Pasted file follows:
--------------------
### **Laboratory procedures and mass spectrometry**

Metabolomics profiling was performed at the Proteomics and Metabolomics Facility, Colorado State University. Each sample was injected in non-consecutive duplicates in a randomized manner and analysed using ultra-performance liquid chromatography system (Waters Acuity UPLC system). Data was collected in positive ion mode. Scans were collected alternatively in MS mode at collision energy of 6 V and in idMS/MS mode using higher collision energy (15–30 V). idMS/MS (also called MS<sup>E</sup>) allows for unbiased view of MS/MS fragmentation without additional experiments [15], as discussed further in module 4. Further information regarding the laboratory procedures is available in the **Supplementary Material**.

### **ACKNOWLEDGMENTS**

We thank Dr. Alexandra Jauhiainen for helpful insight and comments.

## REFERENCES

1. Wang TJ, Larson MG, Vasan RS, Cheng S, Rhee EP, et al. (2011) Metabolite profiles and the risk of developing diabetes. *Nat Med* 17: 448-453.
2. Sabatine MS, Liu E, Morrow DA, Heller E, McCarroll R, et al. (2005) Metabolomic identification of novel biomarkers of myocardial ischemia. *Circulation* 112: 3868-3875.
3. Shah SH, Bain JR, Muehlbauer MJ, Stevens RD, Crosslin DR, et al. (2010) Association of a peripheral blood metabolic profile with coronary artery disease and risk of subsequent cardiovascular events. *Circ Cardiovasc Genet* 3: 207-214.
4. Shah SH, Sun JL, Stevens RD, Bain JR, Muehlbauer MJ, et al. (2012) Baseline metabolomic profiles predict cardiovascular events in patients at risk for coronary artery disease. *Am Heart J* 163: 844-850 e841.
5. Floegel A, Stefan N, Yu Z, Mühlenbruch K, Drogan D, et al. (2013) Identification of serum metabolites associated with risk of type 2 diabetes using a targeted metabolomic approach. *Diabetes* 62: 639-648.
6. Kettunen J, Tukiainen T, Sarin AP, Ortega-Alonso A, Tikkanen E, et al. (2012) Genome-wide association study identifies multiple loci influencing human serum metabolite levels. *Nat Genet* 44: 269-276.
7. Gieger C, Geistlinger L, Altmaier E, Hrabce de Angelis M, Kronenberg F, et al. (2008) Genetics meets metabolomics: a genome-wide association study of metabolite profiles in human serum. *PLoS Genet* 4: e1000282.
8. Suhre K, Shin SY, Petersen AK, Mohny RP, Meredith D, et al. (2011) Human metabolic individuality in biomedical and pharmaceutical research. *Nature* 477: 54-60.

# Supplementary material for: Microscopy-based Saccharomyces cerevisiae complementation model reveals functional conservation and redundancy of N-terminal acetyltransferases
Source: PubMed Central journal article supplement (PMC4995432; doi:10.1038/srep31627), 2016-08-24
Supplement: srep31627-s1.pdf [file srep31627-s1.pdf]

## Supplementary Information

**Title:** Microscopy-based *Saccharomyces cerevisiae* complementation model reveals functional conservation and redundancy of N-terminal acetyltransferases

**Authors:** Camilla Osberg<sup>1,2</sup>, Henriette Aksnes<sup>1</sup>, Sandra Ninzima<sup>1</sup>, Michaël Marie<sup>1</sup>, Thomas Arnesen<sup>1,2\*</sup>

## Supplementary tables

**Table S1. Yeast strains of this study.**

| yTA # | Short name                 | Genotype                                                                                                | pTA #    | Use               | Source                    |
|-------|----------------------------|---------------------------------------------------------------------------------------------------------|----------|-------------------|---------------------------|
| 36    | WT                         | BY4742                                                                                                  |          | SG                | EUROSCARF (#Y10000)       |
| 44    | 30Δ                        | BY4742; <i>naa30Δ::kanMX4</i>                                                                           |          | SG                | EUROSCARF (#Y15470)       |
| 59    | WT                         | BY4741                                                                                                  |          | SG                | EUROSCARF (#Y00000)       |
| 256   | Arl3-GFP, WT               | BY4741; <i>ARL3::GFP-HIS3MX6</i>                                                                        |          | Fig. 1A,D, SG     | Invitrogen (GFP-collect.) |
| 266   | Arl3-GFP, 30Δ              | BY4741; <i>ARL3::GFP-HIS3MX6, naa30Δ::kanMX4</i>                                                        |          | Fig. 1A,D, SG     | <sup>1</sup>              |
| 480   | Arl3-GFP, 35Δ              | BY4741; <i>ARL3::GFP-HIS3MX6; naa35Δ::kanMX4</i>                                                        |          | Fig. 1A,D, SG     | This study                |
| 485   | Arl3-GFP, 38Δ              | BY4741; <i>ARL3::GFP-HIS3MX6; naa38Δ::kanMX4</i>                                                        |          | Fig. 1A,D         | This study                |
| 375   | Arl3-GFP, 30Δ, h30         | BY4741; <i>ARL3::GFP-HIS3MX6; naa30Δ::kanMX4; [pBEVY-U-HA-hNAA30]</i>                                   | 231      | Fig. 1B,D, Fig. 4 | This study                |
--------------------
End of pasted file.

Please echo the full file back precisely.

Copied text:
### **Laboratory procedures and mass spectrometry**

Metabolomics profiling was performed at the Proteomics and Metabolomics Facility, Colorado State University. Each sample was injected in non-consecutive duplicates in a randomized manner and analysed using ultra-performance liquid chromatography system (Waters Acuity UPLC system). Data was collected in positive ion mode. Scans were collected alternatively in MS mode at collision energy of 6 V and in idMS/MS mode using higher collision energy (15–30 V). idMS/MS (also called MS<sup>E</sup>) allows for unbiased view of MS/MS fragmentation without additional experiments [15], as discussed further in module 4. Further information regarding the laboratory procedures is available in the **Supplementary Material**.

### **ACKNOWLEDGMENTS**

We thank Dr. Alexandra Jauhiainen for helpful insight and comments.

## REFERENCES

1. Wang TJ, Larson MG, Vasan RS, Cheng S, Rhee EP, et al. (2011) Metabolite profiles and the risk of developing diabetes. *Nat Med* 17: 448-453.
2. Sabatine MS, Liu E, Morrow DA, Heller E, McCarroll R, et al. (2005) Metabolomic identification of novel biomarkers of myocardial ischemia. *Circulation* 112: 3868-3875.
3. Shah SH, Bain JR, Muehlbauer MJ, Stevens RD, Crosslin DR, et al. (2010) Association of a peripheral blood metabolic profile with coronary artery disease and risk of subsequent cardiovascular events. *Circ Cardiovasc Genet* 3: 207-214.
4. Shah SH, Sun JL, Stevens RD, Bain JR, Muehlbauer MJ, et al. (2012) Baseline metabolomic profiles predict cardiovascular events in patients at risk for coronary artery disease. *Am Heart J* 163: 844-850 e841.
5. Floegel A, Stefan N, Yu Z, Mühlenbruch K, Drogan D, et al. (2013) Identification of serum metabolites associated with risk of type 2 diabetes using a targeted metabolomic approach. *Diabetes* 62: 639-648.
6. Kettunen J, Tukiainen T, Sarin AP, Ortega-Alonso A, Tikkanen E, et al. (2012) Genome-wide association study identifies multiple loci influencing human serum metabolite levels. *Nat Genet* 44: 269-276.
7. Gieger C, Geistlinger L, Altmaier E, Hrabce de Angelis M, Kronenberg F, et al. (2008) Genetics meets metabolomics: a genome-wide association study of metabolite profiles in human serum. *PLoS Genet* 4: e1000282.
8. Suhre K, Shin SY, Petersen AK, Mohny RP, Meredith D, et al. (2011) Human metabolic individuality in biomedical and pharmaceutical research. *Nature* 477: 54-60.

# Supplementary material for: Microscopy-based Saccharomyces cerevisiae complementation model reveals functional conservation and redundancy of N-terminal acetyltransferases
Source: PubMed Central journal article supplement (PMC4995432; doi:10.1038/srep31627), 2016-08-24
Supplement: srep31627-s1.pdf [file srep31627-s1.pdf]

## Supplementary Information

**Title:** Microscopy-based *Saccharomyces cerevisiae* complementation model reveals functional conservation and redundancy of N-terminal acetyltransferases

**Authors:** Camilla Osberg<sup>1,2</sup>, Henriette Aksnes<sup>1</sup>, Sandra Ninzima<sup>1</sup>, Michaël Marie<sup>1</sup>, Thomas Arnesen<sup>1,2\*</sup>

## Supplementary tables

**Table S1. Yeast strains of this study.**

| yTA # | Short name                 | Genotype                                                                                                | pTA #    | Use               | Source                    |
|-------|----------------------------|---------------------------------------------------------------------------------------------------------|----------|-------------------|---------------------------|
| 36    | WT                         | BY4742                                                                                                  |          | SG                | EUROSCARF (#Y10000)       |
| 44    | 30Δ                        | BY4742; <i>naa30Δ::kanMX4</i>                                                                           |          | SG                | EUROSCARF (#Y15470)       |
| 59    | WT                         | BY4741                                                                                                  |          | SG                | EUROSCARF (#Y00000)       |
| 256   | Arl3-GFP, WT               | BY4741; <i>ARL3::GFP-HIS3MX6</i>                                                                        |          | Fig. 1A,D, SG     | Invitrogen (GFP-collect.) |
| 266   | Arl3-GFP, 30Δ              | BY4741; <i>ARL3::GFP-HIS3MX6, naa30Δ::kanMX4</i>                                                        |          | Fig. 1A,D, SG     | <sup>1</sup>              |
| 480   | Arl3-GFP, 35Δ              | BY4741; <i>ARL3::GFP-HIS3MX6; naa35Δ::kanMX4</i>                                                        |          | Fig. 1A,D, SG     | This study                |
| 485   | Arl3-GFP, 38Δ              | BY4741; <i>ARL3::GFP-HIS3MX6; naa38Δ::kanMX4</i>                                                        |          | Fig. 1A,D         | This study                |
| 375   | Arl3-GFP, 30Δ, h30         | BY4741; <i>ARL3::GFP-HIS3MX6; naa30Δ::kanMX4; [pBEVY-U-HA-hNAA30]</i>                                   | 231      | Fig. 1B,D, Fig. 4 | This study                |